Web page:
Developments in digital technology over the last few years have dramatically changed the ways in which fonts are used. Only ten years ago the main use for fonts was still in print, but today they’re first-and-foremost used in a digital world; fonts are now consumed beyond a user’s desktop computer or a company’s network server, on mobile phones, tablets, e-readers, watches, and wearables, drawing together content from websites, apps, and the cloud. In twelve months’ time we expect that our fonts will be commonly used in ways that we haven’t even thought of yet.

All of these developments have brought change to how customers access and use fonts. So it’s clear to us that traditional ways of licensing fonts, with licences that are not straightforward to understand or are difficult to administer, are misaligned with today’s user expectations. While some initiatives, such as cloud-based fonts, are offering an alternative, they still don’t fully satisfy customer needs. To address this we’ve reviewed our approach to licensing and now offer five simple, flexible, user-friendly licences.

license-types

Our most exciting innovation is that we now offer everyone the opportunity to ‘try before you buy’ with trial fonts, functionally identical to the commercial versions, available under our new Trial Licence. This licence allows our fonts to be used in non-commercial pitches to clients, in testing, and in academic or student projects. When you’re ready to use the fonts for real, you just need to buy the appropriate commercial licence.

trial-indesign

We have listened to customers who have told us they sometimes don’t need everything offered by the industry-standard minimum five-user licence, or by the all-in-one approach which our current licence brings to webfont use; they feel that they’re being forced to pay for things they don’t need. So we now offer a single user licence at a very affordable £15 per font style for all of our Single Edition fonts.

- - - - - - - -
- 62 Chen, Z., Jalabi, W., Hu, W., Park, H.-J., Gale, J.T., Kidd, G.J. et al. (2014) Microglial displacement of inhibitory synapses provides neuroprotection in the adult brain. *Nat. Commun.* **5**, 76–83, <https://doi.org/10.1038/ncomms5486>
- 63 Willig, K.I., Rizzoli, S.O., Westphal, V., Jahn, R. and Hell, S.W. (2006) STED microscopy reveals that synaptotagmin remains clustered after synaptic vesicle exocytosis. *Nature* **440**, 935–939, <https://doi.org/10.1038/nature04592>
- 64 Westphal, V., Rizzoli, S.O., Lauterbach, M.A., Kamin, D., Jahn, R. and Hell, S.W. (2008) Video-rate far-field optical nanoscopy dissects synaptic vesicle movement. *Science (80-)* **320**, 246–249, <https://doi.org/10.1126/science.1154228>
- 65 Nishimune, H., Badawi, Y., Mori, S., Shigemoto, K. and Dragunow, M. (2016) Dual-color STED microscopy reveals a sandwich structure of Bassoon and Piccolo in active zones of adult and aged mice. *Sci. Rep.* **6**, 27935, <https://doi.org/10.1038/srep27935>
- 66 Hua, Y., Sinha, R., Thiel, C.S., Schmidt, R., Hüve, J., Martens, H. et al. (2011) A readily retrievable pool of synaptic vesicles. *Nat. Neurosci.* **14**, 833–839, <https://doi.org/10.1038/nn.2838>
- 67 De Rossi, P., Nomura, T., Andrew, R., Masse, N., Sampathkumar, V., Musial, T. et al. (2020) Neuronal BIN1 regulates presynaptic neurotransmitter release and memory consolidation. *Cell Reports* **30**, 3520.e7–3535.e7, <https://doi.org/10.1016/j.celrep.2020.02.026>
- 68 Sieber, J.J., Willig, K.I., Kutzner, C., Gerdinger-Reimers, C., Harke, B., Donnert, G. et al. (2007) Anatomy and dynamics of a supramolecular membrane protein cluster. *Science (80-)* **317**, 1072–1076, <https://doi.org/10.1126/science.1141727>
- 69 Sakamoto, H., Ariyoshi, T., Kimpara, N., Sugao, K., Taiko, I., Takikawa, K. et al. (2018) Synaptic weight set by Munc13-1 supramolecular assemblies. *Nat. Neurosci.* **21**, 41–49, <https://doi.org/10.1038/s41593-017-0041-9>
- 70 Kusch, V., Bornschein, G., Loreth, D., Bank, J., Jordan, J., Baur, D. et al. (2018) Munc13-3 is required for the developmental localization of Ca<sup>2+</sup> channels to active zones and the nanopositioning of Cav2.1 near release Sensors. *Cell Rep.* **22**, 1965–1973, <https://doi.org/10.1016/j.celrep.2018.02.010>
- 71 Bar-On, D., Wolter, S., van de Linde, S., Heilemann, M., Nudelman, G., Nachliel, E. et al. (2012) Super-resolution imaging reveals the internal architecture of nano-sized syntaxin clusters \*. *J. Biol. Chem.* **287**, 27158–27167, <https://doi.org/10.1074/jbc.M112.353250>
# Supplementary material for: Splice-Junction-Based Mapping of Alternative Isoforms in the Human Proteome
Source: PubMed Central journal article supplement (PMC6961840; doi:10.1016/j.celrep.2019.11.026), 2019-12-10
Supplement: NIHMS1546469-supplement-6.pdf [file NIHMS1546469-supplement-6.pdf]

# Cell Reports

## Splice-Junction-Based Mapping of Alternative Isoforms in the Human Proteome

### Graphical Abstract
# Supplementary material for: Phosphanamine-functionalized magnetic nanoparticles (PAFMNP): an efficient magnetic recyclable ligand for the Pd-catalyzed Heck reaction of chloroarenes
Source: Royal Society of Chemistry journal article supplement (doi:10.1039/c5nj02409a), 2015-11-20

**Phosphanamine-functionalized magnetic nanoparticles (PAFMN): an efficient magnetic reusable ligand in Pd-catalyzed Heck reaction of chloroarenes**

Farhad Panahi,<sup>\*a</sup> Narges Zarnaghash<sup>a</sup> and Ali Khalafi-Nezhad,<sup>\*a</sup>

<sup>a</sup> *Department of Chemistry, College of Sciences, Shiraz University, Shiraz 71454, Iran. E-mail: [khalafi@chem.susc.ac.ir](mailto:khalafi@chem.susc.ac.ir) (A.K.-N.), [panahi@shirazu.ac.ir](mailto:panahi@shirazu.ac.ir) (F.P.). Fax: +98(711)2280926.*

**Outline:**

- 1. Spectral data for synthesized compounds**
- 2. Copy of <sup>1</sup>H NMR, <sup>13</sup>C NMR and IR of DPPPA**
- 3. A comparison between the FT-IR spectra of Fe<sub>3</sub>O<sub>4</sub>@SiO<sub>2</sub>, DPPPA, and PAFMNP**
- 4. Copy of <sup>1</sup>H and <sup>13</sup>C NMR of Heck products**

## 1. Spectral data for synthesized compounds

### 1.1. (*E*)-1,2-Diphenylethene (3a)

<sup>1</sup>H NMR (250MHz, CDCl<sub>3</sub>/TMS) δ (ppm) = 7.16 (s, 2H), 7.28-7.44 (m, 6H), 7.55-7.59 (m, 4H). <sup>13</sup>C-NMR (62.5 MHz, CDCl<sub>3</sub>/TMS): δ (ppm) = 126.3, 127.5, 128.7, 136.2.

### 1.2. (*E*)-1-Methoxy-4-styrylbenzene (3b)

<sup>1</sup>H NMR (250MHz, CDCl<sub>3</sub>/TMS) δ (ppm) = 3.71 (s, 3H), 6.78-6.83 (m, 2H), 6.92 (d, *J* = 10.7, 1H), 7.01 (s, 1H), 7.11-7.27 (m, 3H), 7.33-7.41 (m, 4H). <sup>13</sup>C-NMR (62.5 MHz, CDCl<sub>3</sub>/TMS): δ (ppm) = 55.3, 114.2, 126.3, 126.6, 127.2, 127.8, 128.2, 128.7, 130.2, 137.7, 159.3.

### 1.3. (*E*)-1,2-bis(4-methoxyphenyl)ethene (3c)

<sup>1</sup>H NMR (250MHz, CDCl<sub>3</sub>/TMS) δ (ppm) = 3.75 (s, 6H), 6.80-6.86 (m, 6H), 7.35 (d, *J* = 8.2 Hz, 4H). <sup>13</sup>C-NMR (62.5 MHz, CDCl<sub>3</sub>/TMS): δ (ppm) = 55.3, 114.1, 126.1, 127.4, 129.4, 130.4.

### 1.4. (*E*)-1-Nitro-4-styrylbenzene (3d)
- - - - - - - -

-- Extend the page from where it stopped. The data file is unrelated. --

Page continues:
We have also listened to corporate customers who are looking for ultimate flexibility in how they can use our fonts. So we now offer a licence for any of our fonts that allows unlimited use within the organization with no limit on number of users, number of domain names, or number of apps, and with no time restrictions, for £9,375 per font style.

It is for digital media – websites and apps – that we make the biggest changes. We have heard from customers time and again how cumbersome it is to constantly monitor and report on visitor numbers and downloads. So we now offer Webfont and App licences that don’t rely on any traffic or distribution statistics, they’re priced according to the number of domain names or apps to be covered – there is no limit on downloads, visitor numbers, or page views. And to provide ultimate flexibility, the licences can be purchased annually, or in perpetuity.

checkout-2

Summary of Our New Licences

Trial Licence

Free

End-User Licence

From £15 per font style for one user

Webfont Licence

£48 per font style per domain name for 1 year

£480 per font style per domain name, perpetual

App Licence

£48 per font style per app for 1 year

£480 per font style per app, perpetual

Unlimited Licence

£9,375 per font style for an unlimited number of users within your organization

Contact us for details of our Redistribution Licence, which allows you to distribute our fonts as part of a software application or hardware device and for bespoke solutions for licensing your suppliers and contractors all in one transaction.